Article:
If you were in the movie theatre you’d be yelling out “Don’t do it!” If this were a movie you would see the green glowing blob patiently waiting to silently flow into the office computer. The blob just sits there though, waiting for the bank officer to hit the keystroke that opens the file. Now we see it watching as the person sits down at the computer and logs in, types in a password and initiates a wire transfer. The blob silently memorizes both the login ID and the password. Weeks can go by as the suspense builds. The ominous music begins to swell in the background, we know that something is going to happen when as fast as lightning, the blob springs to life initiating wire transfers for tens of millions of dollars.

This is exactly what occurred in February of 2016 in Bangladesh. Criminals were able to place the blob in the form of malware on to the computers for the central bank of Bangladesh. Reports indicate that part of the malware included a keylogger which was used to memorize passwords and other login credentials to the system created by the Society for Worldwide Interbank Financial Telecommunication (“Swift”) used by banks to initiate funds transfers. In the end, $81 million was wired through the bank’s accounts at the NY Federal Reserve, apparently to a casino in the Philippines where it was converted into untraceable gambling chips.

It is not clear yet exactly how the criminals inserted the malware into the central bank’s computers, but the situation underscores what we have been telling clients about cybersecurity. You are only as strong as your weakest link, and the weakest link is usually someone who clicks on an attachment or picks up the thumb drive found on the floor. It is human nature to be curious, and it takes constant training and reminders to personnel to remind them about appropriate responses. Financial institutions are constantly hiring new employees, and each of them brings their own personal history of computer hygiene with them. Each of them must be taught immediately about the importance of not opening suspicious emails or attachments. Spam and malware filters hopefully block most of the incoming criminally engineered emails, but the criminals are resourceful and continue to innovate.

As we have noted previously, federal banking regulators have higher expectations concerning preparedness for cyberattacks. The Cybersecurity Assessment Tool released in 2015 by the FFIEC provides specific standards by which an institution can be judged when undergoing regulatory examinations.

At Bryan Cave, our Data Privacy and Security Team can assist you by conducting a data risk assessment, including reviewing your cyberattack insurance coverage. That analysis, coupled with our Banking Group’s ability to navigate the bank regulatory gauntlet will better prepare you for upcoming IT and cyberattack exams.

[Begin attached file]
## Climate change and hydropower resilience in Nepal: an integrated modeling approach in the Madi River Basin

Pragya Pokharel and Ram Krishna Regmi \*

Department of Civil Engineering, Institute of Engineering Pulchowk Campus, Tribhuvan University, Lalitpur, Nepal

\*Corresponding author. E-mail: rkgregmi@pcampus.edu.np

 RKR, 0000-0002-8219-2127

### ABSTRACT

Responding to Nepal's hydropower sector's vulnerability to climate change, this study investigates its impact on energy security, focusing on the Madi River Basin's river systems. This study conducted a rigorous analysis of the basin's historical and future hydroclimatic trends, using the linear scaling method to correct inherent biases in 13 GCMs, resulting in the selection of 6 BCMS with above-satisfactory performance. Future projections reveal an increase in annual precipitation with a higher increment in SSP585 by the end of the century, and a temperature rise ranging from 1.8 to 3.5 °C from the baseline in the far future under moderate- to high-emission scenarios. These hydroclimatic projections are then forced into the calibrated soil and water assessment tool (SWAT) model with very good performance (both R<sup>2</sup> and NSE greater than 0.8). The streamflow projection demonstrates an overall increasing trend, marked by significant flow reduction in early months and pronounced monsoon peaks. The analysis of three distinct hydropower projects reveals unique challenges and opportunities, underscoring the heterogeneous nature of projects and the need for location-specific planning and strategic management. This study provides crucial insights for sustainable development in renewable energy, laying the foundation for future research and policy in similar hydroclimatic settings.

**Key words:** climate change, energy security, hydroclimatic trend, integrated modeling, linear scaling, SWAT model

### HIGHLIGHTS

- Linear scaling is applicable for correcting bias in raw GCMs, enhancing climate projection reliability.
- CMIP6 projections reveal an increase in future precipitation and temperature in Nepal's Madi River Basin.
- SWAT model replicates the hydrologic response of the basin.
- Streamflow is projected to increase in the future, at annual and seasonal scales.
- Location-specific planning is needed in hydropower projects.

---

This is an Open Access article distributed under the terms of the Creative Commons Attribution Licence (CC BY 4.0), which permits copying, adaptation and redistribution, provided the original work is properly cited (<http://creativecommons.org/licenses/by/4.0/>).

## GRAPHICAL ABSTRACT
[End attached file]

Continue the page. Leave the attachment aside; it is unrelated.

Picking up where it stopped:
No matter how good a company’s security is, data security events are unavoidable. When a security breach does occur, preventing liability often means analyzing facts, identifying legal obligations, and taking steps to prevent or mitigate harm within the first minutes and hours of becoming aware of a breach. That’s why an attorney from our Data Privacy and Security Team is on-call for clients whenever and wherever a breach occurs: 24 hours a day, 7 days a week. For more information, visit our Bryan Cave Data Breach Hotline web page.

Bryan Cave Data Breach Hotline
+1 202 508 6136 (international)
+1 844 8BREACH (844-827-3224 toll free — US only)

FCC Proposes Bothersome Breach Definition in Privacy NPRM

On April 1, 2016 the Federal Communications Commission (“FCC”) released its Notice of Proposed Rulemaking (“NPRM”) concerning privacy regulation of internet broadband service providers (“ISPs”). The NPRM proposes, among other things, an expansive and vexing definition of “breach.” If not modified, the definition would require notices to customers, the FCC and the FBI of even trivial internal employee access to customer information….fccbothersome

How Employers Can Help Prevent W-2’s From Being Breached and Their Employees From Becoming Victims of ID Theft

The Internal Revenue Service issued an alert about an emerging phishing email scheme that purports to be from company executives and requests personal information on employees.

The IRS has learned this scheme – part of the surge in phishing emails seen this year – already has claimed several victims as payroll and human resources offices mistakenly email payroll data including Forms W-2 that contain Social Security numbers and other personally identifiable information to cybercriminals posing as company executives….w2

Credit Card Data Breaches: Protecting Your Company from the Hidden Surprises

Debit and credit cards are now the primary form of retail payment. One source estimates that 60 percent of all retail transactions involve a payment card – far surpassing cash or checks as the preferred method of payment. Most retailers do not realize, however, that by accepting credit cards, they expose themselves to the risk of a data security breach and significant potential costs and legal liabilities. David Zetoony and Courtney Stout’s whitepaper, Credit Card Data Breaches: Protecting Your Company from the Hidden Surprises, explains the key risks that a retailer faces following a data security breach of its payment card systems as well as the potential for addressing some of those risks through the purchase of cyber-insurance.

The whitepaper is divided into two parts with the first part assessing the risk to a retailer from a credit card data breach and the second addressing insurance coverage gaps…..ccdatabreach

How to Draft an Effective Incident Response Plan (2016)

The best way to handle any emergency is to be prepared. When it comes to data breaches, incident response plans are the first step organizations take to prepare. Furthermore, many organizations are required to maintain one. For example, any organization that accepts payment cards is most likely contractually required to adopt an incident response plan….